somebody wants to know what was going on in the deep Indian Ocean in 2017, it’s gone forever.” In an ideal world, not only would there Making the models be no gaps in data, new instruments One important use of Earth observations would overlap in time with old ones, is to build better computer models of Wofsy said. That would allow researchers complex physical processes. to compare new and old measurements Kaighin McColl, a Ziff Environmental to understand how data gathered from Fellow at the Harvard University Center different instruments should be adjusted for the Environment, is working with so they are truly comparable and research- McKay Professor of Atmospheric and ers don’t inadvertently compare apples to Environmental Science Zhiming Khuang oranges. to better understand interactions beThe fight to ensure that data gathertween the water cycle on land and in the ing is continuous is an old one, Wunsch atmosphere. said, and involves some of the best known McColl is relying on soil moisture research of the modern era. Charles Keelmeasurements from NASA’s SMAP (Soil ing, whose observations of atmospheric Moisture Active Passive) satellite to help carbon dioxide with this work. Because from the top of In an ideal world, not only the interactions between a Hawaiian volmoisture in the air and cano allowed him would there be no gaps on land are poorly unto draw the now in data, new instruments derstood, many models famous Keeling split the two apart and Curve illustrating would overlap in time with deal with them separaterising atmospheric old ones. This would allow ly, McColl said. Surface carbon dioxide hydrologists oversimresearchers to compare concentrations, plify how water behaves regularly faced in the atmosphere, and new and old measurefunding problems. those studying the atments to understand how mosphere oversimplify Keeling, Wunsch said, was able to data gathered from differ- the water cycle on land. overcome them That’s a problem, Mcent instruments should be Coll said, because it has with a personality that Wunsch become clear that feedadjusted...so they don’t described as a backs exist between the inadvertently compare “tour-de-force … air and land that affect obnoxious enough apples to oranges. the behavior of each.
“I think they’re essential,” McColl said of the satellite observations. “We’ve been stonewalled for a long time, struggling to make progress without them.” Think globally, research locally Since Sunderland left the EPA for Harvard, she’s been investigating how pollutants travel through the environment and wind up in the human body. She’s studying PCBs, which persist in the environment despite being banned, selenium, and an organic form of mercury, called methylmercury, that can impair the development of the brain in fetuses and has been traced to cardiovascular problems in adults. She’s also studying highly florinated compounds, or PFASs, whose properties as a surfactant have made them widely used since the 1950s. Today, they’re found in everything from rain gear to dental floss to food packaging. More recently, they’ve also been found concentrated in the flesh of Arctic polar bears, thousands of miles from the nearest factory; in the drinking water of 6 million Americans at levels exceeding federal guidelines; and at detectable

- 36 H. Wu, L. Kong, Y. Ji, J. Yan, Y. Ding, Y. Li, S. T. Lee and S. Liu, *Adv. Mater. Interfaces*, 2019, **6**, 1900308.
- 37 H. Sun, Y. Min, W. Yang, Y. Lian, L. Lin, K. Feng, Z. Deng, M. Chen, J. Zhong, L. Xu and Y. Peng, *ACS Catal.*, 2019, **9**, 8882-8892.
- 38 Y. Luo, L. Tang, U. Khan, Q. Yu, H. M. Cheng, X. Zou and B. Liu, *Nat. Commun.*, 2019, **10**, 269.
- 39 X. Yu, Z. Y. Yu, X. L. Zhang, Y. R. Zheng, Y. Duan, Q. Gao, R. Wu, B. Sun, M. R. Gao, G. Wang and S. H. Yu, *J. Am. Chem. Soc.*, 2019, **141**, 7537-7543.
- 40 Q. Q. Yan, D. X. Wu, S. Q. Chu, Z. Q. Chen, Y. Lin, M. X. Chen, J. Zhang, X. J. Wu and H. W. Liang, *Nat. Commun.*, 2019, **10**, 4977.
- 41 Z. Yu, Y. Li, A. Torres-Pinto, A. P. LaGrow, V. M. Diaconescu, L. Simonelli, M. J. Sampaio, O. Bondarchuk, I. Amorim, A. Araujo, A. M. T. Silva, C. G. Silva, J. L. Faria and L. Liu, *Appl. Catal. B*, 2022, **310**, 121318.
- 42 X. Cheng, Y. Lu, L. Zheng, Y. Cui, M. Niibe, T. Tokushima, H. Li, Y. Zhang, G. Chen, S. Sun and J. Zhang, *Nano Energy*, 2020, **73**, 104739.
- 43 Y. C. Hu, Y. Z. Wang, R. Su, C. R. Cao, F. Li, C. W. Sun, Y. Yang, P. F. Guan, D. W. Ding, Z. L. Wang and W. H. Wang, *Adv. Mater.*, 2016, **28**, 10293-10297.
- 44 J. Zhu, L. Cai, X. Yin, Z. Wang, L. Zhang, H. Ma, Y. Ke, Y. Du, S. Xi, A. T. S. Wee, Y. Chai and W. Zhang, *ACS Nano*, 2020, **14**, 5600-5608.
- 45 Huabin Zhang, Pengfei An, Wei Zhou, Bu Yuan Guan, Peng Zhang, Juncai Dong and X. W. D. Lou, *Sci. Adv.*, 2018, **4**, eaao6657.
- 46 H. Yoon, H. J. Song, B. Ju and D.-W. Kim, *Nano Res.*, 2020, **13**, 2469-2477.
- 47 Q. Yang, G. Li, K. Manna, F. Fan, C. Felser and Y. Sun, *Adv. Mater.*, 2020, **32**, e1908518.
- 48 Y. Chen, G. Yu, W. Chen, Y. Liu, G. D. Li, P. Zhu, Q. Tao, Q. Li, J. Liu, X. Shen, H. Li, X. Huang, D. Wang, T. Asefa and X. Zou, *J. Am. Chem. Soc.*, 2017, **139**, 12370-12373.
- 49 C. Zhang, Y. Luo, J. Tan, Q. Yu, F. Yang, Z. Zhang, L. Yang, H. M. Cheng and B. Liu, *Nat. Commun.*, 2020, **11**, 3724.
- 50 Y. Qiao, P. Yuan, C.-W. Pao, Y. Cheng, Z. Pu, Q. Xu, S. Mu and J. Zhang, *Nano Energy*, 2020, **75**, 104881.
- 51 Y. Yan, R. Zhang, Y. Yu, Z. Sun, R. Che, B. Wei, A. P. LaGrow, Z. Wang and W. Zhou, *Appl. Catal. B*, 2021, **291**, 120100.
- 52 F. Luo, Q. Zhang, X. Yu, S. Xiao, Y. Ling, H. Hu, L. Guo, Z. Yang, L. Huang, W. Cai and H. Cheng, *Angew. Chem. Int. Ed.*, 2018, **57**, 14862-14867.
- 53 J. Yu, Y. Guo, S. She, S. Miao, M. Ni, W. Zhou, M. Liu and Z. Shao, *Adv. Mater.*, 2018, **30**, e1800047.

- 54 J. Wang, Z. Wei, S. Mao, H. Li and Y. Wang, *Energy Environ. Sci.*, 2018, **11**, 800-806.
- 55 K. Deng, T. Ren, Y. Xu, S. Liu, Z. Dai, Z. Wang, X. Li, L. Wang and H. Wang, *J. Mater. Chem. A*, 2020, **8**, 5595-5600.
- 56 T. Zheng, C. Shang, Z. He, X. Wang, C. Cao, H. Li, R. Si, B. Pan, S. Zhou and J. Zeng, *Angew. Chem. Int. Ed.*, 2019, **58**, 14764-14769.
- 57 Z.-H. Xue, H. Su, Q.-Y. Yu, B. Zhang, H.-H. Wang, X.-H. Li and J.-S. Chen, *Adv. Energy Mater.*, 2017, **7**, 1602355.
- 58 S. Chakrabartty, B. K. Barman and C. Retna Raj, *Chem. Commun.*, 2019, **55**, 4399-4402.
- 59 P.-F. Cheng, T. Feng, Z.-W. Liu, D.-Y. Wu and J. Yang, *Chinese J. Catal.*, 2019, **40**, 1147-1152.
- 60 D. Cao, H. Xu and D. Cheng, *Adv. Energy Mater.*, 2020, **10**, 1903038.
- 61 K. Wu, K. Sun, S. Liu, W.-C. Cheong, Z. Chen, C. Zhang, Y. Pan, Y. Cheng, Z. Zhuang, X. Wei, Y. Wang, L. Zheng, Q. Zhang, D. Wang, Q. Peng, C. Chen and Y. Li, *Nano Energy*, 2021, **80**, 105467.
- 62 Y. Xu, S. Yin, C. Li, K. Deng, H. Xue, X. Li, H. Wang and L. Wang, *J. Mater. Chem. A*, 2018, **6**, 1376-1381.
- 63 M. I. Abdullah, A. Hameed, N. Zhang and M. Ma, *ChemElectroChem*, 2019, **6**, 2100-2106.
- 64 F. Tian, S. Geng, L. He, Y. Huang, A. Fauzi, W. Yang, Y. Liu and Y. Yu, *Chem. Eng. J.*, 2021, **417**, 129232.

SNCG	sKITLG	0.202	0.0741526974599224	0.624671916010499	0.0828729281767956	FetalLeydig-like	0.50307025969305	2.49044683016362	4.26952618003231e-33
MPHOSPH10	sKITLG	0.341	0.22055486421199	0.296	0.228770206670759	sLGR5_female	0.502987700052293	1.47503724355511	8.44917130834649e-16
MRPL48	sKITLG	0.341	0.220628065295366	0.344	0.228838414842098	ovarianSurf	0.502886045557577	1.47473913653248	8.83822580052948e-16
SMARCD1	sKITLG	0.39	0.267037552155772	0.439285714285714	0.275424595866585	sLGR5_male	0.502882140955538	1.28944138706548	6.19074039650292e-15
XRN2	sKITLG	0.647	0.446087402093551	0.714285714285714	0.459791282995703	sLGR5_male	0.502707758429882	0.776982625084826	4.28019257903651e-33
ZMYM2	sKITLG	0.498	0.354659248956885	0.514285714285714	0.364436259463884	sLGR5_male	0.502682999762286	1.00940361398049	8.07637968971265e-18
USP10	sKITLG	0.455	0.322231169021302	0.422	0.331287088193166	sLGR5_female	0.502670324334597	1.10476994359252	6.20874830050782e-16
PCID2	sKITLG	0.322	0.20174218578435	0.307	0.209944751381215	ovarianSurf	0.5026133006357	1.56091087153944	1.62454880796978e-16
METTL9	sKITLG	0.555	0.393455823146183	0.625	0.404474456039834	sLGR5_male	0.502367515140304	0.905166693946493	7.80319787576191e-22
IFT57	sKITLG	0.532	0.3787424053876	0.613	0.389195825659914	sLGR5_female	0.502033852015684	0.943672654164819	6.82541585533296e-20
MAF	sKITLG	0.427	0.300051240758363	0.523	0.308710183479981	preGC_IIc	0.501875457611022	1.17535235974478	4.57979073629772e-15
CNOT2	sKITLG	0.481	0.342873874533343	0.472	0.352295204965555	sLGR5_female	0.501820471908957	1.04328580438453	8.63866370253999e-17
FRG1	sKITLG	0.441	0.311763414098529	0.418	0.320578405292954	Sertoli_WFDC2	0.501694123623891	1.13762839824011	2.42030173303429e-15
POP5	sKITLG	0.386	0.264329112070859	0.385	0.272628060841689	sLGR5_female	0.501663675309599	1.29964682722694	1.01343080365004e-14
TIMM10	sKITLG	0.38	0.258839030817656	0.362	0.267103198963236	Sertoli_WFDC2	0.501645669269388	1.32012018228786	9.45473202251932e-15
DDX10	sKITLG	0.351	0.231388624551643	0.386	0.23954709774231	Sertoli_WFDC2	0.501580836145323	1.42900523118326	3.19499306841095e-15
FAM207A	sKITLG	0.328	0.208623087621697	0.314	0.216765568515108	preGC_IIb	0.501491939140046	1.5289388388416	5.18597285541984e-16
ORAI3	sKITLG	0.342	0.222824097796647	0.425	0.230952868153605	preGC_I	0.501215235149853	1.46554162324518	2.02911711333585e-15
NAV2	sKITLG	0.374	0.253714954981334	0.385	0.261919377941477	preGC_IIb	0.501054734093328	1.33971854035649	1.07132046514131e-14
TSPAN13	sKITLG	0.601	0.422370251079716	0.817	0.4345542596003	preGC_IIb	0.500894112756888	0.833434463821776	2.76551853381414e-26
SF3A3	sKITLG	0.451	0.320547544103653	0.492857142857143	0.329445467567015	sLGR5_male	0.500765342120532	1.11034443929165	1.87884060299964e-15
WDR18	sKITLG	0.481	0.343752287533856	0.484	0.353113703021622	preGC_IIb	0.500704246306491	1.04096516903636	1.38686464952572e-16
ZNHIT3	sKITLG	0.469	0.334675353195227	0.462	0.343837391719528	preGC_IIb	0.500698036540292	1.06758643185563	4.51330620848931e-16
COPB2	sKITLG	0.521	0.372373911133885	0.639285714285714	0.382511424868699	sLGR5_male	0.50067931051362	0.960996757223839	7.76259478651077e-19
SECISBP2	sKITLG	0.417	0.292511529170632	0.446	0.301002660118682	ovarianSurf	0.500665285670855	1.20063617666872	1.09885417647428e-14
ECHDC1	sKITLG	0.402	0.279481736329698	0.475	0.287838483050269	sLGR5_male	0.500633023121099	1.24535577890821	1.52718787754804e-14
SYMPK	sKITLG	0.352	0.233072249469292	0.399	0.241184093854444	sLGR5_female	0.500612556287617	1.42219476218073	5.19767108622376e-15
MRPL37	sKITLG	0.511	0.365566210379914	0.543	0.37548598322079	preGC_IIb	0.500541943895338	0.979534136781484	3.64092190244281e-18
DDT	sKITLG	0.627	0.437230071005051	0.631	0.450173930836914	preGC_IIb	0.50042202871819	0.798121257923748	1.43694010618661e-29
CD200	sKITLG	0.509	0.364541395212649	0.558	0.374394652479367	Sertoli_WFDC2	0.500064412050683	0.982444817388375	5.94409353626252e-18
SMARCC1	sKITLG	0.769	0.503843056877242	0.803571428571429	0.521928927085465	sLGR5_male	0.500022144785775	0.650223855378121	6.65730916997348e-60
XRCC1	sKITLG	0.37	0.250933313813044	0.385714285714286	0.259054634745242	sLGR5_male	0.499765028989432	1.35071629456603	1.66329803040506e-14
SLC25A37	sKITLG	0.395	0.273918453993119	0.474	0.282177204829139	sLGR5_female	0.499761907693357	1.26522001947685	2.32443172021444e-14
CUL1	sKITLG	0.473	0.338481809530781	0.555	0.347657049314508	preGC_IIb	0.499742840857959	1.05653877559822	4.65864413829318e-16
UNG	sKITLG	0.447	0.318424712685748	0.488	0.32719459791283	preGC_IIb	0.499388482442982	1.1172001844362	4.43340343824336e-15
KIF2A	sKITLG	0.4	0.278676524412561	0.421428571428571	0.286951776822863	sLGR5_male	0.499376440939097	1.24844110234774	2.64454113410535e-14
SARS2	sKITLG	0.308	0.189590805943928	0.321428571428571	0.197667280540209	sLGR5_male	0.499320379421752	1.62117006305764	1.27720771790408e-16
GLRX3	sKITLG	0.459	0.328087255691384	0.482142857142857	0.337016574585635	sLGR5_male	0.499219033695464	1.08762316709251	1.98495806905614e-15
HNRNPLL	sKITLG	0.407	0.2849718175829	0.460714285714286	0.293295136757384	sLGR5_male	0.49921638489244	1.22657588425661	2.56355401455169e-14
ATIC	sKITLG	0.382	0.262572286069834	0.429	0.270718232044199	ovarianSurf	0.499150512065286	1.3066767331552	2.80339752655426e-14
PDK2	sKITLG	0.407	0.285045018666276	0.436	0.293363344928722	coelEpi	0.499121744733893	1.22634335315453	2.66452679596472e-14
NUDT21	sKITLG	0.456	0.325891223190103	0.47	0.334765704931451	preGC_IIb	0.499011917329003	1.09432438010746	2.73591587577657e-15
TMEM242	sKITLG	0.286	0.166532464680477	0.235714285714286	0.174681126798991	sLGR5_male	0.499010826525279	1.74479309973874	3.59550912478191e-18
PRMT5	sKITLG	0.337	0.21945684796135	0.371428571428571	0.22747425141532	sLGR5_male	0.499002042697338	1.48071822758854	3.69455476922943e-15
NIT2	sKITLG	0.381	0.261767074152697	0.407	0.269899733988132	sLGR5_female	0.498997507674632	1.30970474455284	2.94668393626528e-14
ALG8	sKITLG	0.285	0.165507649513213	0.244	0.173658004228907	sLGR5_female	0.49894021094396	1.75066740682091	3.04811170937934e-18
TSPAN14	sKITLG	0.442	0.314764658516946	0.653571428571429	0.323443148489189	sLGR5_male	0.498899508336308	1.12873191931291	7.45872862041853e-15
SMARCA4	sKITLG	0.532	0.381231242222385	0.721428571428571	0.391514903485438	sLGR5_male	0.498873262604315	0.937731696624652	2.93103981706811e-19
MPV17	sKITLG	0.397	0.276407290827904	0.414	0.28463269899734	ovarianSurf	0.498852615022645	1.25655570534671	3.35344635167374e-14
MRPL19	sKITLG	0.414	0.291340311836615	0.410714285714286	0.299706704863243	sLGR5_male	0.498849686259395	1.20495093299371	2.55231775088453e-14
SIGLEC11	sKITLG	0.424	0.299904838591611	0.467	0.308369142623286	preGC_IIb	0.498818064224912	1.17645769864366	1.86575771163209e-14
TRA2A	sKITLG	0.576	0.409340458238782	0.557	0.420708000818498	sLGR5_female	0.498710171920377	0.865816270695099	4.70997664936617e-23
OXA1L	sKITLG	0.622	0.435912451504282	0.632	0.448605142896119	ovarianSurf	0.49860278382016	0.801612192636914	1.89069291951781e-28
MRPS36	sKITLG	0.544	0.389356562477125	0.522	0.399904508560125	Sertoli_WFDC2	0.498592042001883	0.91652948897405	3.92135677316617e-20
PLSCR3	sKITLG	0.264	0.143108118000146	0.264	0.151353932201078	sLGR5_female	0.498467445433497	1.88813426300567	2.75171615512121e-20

levels in 98 percent of the rest of us. PFASs have a potent impact on the immune system, according to a Faroe Islands study, Sunderland said, with each doubling of their concentration in islanders correlating to a 50 percent decline in immune function. Her 2016 study of methylmercury in Canadian hydropower development shows how Earth-observing data can be coupled with intensive, localized study to draw broader conclusions. Methylmercury forms naturally through the action of microbes when soil containing mercury and
Bottom: Steven Wofsy, Rotch Professor of Atmospheric and Environmental Science; Right: A photo taken in 1991 shows the original Harvard Forest tower, which measures the exchange of carbon dioxide.
Harvard University Center for the Environment
“The way the land and atmosphere behave when coupled to each other is different from how they behave alone,” McColl said. “In models, you can get these feedbacks between land and atmosphere that won’t happen if they’re modelled separately.” Getting the coupled model right is important, McColl said, because soil moisture can have an impact on rainfall. All else being equal, solar radiation first goes to work evaporating water in the soil. If the soil is wet, moisture evaporates into the atmosphere, cooling the air and forming clouds to produce rain. Dry soil, by contrast, results in the air heating up more quickly, which further dries the land, increasing the chance a drought will persist. “You get a feedback loop that can alter the persistence of droughts, floods, etc. That’s what we can see that we won’t if we don’t study it as a coupled system,” McColl said. The oversimplification of the landatmosphere feedback is present in climate models as well, McColl said, and, because this feedback operates most strongly on a regional scale, it’s thought to be a factor in the poor performance of climate models as they zoom in. “Climate models are very good at looking at global mean properties, but if you want to know how temperature in Boston will vary over time, climate models struggle with regional estimates,” McColl said. The trouble is partly due to the complexity and messiness of the land surface, with mountains and buildings and forests and fields, McColl said. Each of those affect surface fluxes differently and add enough complexity that it has only been recently that enough computing power has become available to model it, McColl said. “The atmosphere that we live in—the bottom 100 meters—is highly turbulent. You can think of the air as a fluid with lots of whirling motions of different sizes mixing it up a lot,” McColl said. “The soil moisture changes the heat pumped into the atmosphere, which changes the turbulence too. It’s hard to model that.” With the help of SMAP, which can measure moisture in the top five centimeters of soil over 40 square kilometers, McColl is zeroing in on convection over land, the relatively small-scale interaction of air, land and moisture that is the driving force behind summer thunderstorms.